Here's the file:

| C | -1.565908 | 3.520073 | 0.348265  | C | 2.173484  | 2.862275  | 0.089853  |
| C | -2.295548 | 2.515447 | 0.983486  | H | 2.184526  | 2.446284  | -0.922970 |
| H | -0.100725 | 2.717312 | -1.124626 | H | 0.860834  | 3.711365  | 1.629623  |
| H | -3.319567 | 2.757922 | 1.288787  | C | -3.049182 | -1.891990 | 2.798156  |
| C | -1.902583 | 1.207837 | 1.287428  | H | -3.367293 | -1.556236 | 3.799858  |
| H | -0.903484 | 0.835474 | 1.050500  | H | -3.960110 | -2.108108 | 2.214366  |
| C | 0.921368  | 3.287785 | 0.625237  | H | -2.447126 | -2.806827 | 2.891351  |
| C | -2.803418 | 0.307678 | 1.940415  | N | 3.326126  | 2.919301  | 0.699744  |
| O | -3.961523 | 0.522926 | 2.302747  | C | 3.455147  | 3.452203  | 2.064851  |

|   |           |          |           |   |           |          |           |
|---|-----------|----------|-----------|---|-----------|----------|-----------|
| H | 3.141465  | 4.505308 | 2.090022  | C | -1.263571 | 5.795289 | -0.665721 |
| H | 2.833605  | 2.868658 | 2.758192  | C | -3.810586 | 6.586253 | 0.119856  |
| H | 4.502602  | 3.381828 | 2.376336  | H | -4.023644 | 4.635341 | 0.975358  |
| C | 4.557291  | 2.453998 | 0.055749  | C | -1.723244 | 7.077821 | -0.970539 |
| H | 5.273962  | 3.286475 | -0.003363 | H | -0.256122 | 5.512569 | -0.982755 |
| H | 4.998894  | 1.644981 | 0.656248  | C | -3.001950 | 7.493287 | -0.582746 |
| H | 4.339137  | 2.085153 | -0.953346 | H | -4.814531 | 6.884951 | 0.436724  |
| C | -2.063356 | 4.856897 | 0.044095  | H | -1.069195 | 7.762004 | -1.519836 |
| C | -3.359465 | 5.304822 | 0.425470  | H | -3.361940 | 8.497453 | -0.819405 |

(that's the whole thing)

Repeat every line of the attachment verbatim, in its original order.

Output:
| C | -1.565908 | 3.520073 | 0.348265  | C | 2.173484  | 2.862275  | 0.089853  |
| C | -2.295548 | 2.515447 | 0.983486  | H | 2.184526  | 2.446284  | -0.922970 |
| H | -0.100725 | 2.717312 | -1.124626 | H | 0.860834  | 3.711365  | 1.629623  |
| H | -3.319567 | 2.757922 | 1.288787  | C | -3.049182 | -1.891990 | 2.798156  |
| C | -1.902583 | 1.207837 | 1.287428  | H | -3.367293 | -1.556236 | 3.799858  |
| H | -0.903484 | 0.835474 | 1.050500  | H | -3.960110 | -2.108108 | 2.214366  |
| C | 0.921368  | 3.287785 | 0.625237  | H | -2.447126 | -2.806827 | 2.891351  |
| C | -2.803418 | 0.307678 | 1.940415  | N | 3.326126  | 2.919301  | 0.699744  |
| O | -3.961523 | 0.522926 | 2.302747  | C | 3.455147  | 3.452203  | 2.064851  |

|   |           |          |           |   |           |          |           |
|---|-----------|----------|-----------|---|-----------|----------|-----------|
| H | 3.141465  | 4.505308 | 2.090022  | C | -1.263571 | 5.795289 | -0.665721 |
| H | 2.833605  | 2.868658 | 2.758192  | C | -3.810586 | 6.586253 | 0.119856  |
| H | 4.502602  | 3.381828 | 2.376336  | H | -4.023644 | 4.635341 | 0.975358  |
| C | 4.557291  | 2.453998 | 0.055749  | C | -1.723244 | 7.077821 | -0.970539 |
| H | 5.273962  | 3.286475 | -0.003363 | H | -0.256122 | 5.512569 | -0.982755 |
| H | 4.998894  | 1.644981 | 0.656248  | C | -3.001950 | 7.493287 | -0.582746 |
| H | 4.339137  | 2.085153 | -0.953346 | H | -4.814531 | 6.884951 | 0.436724  |
| C | -2.063356 | 4.856897 | 0.044095  | H | -1.069195 | 7.762004 | -1.519836 |
| C | -3.359465 | 5.304822 | 0.425470  | H | -3.361940 | 8.497453 | -0.819405 |